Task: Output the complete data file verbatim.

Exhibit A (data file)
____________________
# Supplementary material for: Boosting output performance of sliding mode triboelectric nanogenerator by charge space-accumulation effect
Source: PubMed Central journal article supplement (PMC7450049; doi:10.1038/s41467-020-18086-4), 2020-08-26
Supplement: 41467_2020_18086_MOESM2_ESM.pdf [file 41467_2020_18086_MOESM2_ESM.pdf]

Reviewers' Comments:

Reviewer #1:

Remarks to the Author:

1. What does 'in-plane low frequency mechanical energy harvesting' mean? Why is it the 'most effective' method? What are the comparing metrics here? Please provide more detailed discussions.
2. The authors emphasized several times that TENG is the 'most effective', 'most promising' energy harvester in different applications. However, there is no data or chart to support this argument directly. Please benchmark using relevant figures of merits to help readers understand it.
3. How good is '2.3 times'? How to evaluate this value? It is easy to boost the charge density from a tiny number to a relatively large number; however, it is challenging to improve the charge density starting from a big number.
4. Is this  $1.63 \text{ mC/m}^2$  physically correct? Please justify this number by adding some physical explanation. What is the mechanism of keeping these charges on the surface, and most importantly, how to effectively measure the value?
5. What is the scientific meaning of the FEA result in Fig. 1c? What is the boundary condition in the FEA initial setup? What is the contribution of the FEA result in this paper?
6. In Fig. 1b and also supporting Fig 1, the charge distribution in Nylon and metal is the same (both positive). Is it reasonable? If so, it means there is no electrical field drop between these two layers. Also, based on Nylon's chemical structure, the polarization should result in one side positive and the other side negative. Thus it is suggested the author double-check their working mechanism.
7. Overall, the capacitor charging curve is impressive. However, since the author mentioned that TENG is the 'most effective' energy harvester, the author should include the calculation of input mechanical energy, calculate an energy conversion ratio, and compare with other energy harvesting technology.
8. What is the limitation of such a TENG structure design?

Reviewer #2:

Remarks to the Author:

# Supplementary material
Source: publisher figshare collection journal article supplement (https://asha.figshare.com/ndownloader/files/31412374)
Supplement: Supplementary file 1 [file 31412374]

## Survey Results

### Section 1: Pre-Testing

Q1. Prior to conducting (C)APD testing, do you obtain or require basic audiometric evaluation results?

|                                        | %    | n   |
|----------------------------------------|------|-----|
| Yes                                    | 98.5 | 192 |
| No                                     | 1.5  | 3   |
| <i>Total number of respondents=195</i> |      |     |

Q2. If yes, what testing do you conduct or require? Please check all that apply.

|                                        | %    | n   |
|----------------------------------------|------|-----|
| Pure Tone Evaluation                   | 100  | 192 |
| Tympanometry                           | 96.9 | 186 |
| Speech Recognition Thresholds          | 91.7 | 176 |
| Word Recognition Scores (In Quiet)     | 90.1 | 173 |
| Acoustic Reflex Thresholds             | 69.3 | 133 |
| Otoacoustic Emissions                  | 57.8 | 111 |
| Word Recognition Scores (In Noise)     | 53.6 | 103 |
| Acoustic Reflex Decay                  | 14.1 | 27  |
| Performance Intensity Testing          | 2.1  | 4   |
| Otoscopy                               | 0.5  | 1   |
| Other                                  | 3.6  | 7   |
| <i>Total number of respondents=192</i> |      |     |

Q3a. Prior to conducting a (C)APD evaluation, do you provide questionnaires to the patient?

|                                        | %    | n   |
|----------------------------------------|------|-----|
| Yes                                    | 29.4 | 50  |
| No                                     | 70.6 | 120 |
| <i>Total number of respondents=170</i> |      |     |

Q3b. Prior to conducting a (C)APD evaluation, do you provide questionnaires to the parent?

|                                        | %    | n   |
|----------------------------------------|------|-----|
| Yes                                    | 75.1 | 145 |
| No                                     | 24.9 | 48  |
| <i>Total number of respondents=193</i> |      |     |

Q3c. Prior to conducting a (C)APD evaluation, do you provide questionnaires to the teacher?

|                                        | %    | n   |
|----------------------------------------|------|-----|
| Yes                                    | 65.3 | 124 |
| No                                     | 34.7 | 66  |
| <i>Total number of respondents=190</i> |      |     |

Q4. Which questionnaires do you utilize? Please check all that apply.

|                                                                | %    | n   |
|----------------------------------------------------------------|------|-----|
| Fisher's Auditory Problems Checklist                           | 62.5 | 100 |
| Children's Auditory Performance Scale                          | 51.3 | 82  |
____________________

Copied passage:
# Supplementary material for: Boosting output performance of sliding mode triboelectric nanogenerator by charge space-accumulation effect
Source: PubMed Central journal article supplement (PMC7450049; doi:10.1038/s41467-020-18086-4), 2020-08-26
Supplement: 41467_2020_18086_MOESM2_ESM.pdf [file 41467_2020_18086_MOESM2_ESM.pdf]

Reviewers' Comments:

Reviewer #1:

Remarks to the Author:

1. What does 'in-plane low frequency mechanical energy harvesting' mean? Why is it the 'most effective' method? What are the comparing metrics here? Please provide more detailed discussions.
2. The authors emphasized several times that TENG is the 'most effective', 'most promising' energy harvester in different applications. However, there is no data or chart to support this argument directly. Please benchmark using relevant figures of merits to help readers understand it.
3. How good is '2.3 times'? How to evaluate this value? It is easy to boost the charge density from a tiny number to a relatively large number; however, it is challenging to improve the charge density starting from a big number.
4. Is this  $1.63 \text{ mC/m}^2$  physically correct? Please justify this number by adding some physical explanation. What is the mechanism of keeping these charges on the surface, and most importantly, how to effectively measure the value?
5. What is the scientific meaning of the FEA result in Fig. 1c? What is the boundary condition in the FEA initial setup? What is the contribution of the FEA result in this paper?
6. In Fig. 1b and also supporting Fig 1, the charge distribution in Nylon and metal is the same (both positive). Is it reasonable? If so, it means there is no electrical field drop between these two layers. Also, based on Nylon's chemical structure, the polarization should result in one side positive and the other side negative. Thus it is suggested the author double-check their working mechanism.
7. Overall, the capacitor charging curve is impressive. However, since the author mentioned that TENG is the 'most effective' energy harvester, the author should include the calculation of input mechanical energy, calculate an energy conversion ratio, and compare with other energy harvesting technology.
8. What is the limitation of such a TENG structure design?

Reviewer #2:

Remarks to the Author:

# Supplementary material
Source: publisher figshare collection journal article supplement (https://asha.figshare.com/ndownloader/files/31412374)
Supplement: Supplementary file 1 [file 31412374]

## Survey Results

### Section 1: Pre-Testing

Q1. Prior to conducting (C)APD testing, do you obtain or require basic audiometric evaluation results?

|                                        | %    | n   |
|----------------------------------------|------|-----|
| Yes                                    | 98.5 | 192 |
| No                                     | 1.5  | 3   |
| <i>Total number of respondents=195</i> |      |     |

Q2. If yes, what testing do you conduct or require? Please check all that apply.

|                                        | %    | n   |
|----------------------------------------|------|-----|
| Pure Tone Evaluation                   | 100  | 192 |
| Tympanometry                           | 96.9 | 186 |
| Speech Recognition Thresholds          | 91.7 | 176 |
| Word Recognition Scores (In Quiet)     | 90.1 | 173 |
| Acoustic Reflex Thresholds             | 69.3 | 133 |
| Otoacoustic Emissions                  | 57.8 | 111 |
| Word Recognition Scores (In Noise)     | 53.6 | 103 |
| Acoustic Reflex Decay                  | 14.1 | 27  |
| Performance Intensity Testing          | 2.1  | 4   |
| Otoscopy                               | 0.5  | 1   |
| Other                                  | 3.6  | 7   |
| <i>Total number of respondents=192</i> |      |     |

Q3a. Prior to conducting a (C)APD evaluation, do you provide questionnaires to the patient?

|                                        | %    | n   |
|----------------------------------------|------|-----|
| Yes                                    | 29.4 | 50  |
| No                                     | 70.6 | 120 |
| <i>Total number of respondents=170</i> |      |     |

Q3b. Prior to conducting a (C)APD evaluation, do you provide questionnaires to the parent?

|                                        | %    | n   |
|----------------------------------------|------|-----|
| Yes                                    | 75.1 | 145 |
| No                                     | 24.9 | 48  |
| <i>Total number of respondents=193</i> |      |     |

Q3c. Prior to conducting a (C)APD evaluation, do you provide questionnaires to the teacher?

|                                        | %    | n   |
|----------------------------------------|------|-----|
| Yes                                    | 65.3 | 124 |
| No                                     | 34.7 | 66  |
| <i>Total number of respondents=190</i> |      |     |

Q4. Which questionnaires do you utilize? Please check all that apply.

|                                                                | %    | n   |
|----------------------------------------------------------------|------|-----|
| Fisher's Auditory Problems Checklist                           | 62.5 | 100 |
| Children's Auditory Performance Scale                          | 51.3 | 82  |